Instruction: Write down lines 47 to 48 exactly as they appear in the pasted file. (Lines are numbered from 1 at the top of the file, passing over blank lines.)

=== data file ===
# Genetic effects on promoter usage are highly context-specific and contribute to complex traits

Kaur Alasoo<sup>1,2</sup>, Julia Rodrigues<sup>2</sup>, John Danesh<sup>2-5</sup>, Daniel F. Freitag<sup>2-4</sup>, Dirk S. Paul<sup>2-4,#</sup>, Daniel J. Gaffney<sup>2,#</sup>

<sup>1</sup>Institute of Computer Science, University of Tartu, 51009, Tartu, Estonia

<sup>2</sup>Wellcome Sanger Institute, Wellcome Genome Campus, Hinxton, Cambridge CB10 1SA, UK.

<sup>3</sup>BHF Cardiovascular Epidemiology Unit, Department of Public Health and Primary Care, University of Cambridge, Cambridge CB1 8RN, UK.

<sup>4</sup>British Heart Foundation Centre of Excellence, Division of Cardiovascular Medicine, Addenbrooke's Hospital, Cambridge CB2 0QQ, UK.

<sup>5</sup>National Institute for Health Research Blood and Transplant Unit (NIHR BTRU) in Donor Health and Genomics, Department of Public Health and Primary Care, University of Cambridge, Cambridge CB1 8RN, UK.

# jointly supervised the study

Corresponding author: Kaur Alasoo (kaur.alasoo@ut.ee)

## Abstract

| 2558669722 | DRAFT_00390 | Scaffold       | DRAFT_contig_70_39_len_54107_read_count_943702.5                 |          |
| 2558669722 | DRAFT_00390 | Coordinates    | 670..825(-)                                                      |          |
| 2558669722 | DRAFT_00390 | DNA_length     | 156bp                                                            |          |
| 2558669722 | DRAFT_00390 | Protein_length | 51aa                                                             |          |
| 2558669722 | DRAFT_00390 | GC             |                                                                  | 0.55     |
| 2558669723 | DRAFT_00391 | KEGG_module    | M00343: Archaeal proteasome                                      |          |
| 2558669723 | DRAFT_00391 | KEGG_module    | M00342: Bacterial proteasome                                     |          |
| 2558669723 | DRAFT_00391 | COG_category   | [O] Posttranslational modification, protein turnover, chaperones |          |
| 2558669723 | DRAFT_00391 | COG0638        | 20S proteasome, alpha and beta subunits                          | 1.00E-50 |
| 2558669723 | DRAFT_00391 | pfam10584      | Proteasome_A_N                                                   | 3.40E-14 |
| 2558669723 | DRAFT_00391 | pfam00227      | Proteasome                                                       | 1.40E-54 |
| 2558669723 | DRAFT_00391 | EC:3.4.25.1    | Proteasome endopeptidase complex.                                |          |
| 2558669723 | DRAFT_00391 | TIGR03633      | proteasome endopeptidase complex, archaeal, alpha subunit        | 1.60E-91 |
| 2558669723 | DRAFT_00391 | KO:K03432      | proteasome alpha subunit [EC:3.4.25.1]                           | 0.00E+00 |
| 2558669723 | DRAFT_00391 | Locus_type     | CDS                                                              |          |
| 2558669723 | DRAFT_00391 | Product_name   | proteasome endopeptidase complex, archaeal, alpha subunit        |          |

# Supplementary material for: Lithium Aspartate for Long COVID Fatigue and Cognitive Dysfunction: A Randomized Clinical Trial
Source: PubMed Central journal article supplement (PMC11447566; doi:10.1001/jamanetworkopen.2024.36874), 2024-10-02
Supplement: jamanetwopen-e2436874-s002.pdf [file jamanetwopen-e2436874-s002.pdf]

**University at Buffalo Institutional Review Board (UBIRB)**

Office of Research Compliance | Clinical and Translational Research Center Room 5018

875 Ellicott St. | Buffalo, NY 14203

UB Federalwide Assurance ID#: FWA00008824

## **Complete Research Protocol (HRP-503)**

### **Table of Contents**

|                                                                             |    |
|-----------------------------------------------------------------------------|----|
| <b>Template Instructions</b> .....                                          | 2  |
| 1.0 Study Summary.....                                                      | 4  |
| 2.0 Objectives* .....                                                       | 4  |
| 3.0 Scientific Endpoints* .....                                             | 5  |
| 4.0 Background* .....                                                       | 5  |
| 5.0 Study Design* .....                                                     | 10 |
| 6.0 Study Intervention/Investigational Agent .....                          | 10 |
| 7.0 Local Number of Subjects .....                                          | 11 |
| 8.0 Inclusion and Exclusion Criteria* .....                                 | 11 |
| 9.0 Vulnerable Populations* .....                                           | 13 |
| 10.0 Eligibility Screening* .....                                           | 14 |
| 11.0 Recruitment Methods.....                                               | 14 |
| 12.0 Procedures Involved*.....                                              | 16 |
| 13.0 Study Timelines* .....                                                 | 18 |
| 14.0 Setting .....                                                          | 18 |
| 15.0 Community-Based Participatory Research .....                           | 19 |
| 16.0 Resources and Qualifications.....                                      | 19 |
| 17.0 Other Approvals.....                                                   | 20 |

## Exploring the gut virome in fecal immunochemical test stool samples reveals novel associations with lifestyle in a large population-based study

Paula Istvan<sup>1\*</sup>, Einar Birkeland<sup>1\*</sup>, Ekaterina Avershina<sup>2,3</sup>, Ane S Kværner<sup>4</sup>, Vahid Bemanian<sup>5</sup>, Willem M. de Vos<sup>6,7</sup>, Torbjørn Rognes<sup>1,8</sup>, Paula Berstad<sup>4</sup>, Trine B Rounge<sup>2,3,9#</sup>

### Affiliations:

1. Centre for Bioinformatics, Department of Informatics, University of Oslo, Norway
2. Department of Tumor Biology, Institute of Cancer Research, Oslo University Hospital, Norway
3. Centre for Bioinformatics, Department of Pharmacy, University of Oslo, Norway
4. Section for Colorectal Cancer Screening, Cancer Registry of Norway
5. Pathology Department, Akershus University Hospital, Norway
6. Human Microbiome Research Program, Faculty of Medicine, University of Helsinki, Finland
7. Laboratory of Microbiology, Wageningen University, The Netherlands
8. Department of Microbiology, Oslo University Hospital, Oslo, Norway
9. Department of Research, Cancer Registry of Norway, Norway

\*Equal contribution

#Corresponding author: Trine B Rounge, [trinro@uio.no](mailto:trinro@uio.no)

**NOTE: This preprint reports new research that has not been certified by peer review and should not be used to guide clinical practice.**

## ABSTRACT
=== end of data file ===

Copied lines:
| 9.0 Vulnerable Populations* .....                                           | 13 |
| 10.0 Eligibility Screening* .....                                           | 14 |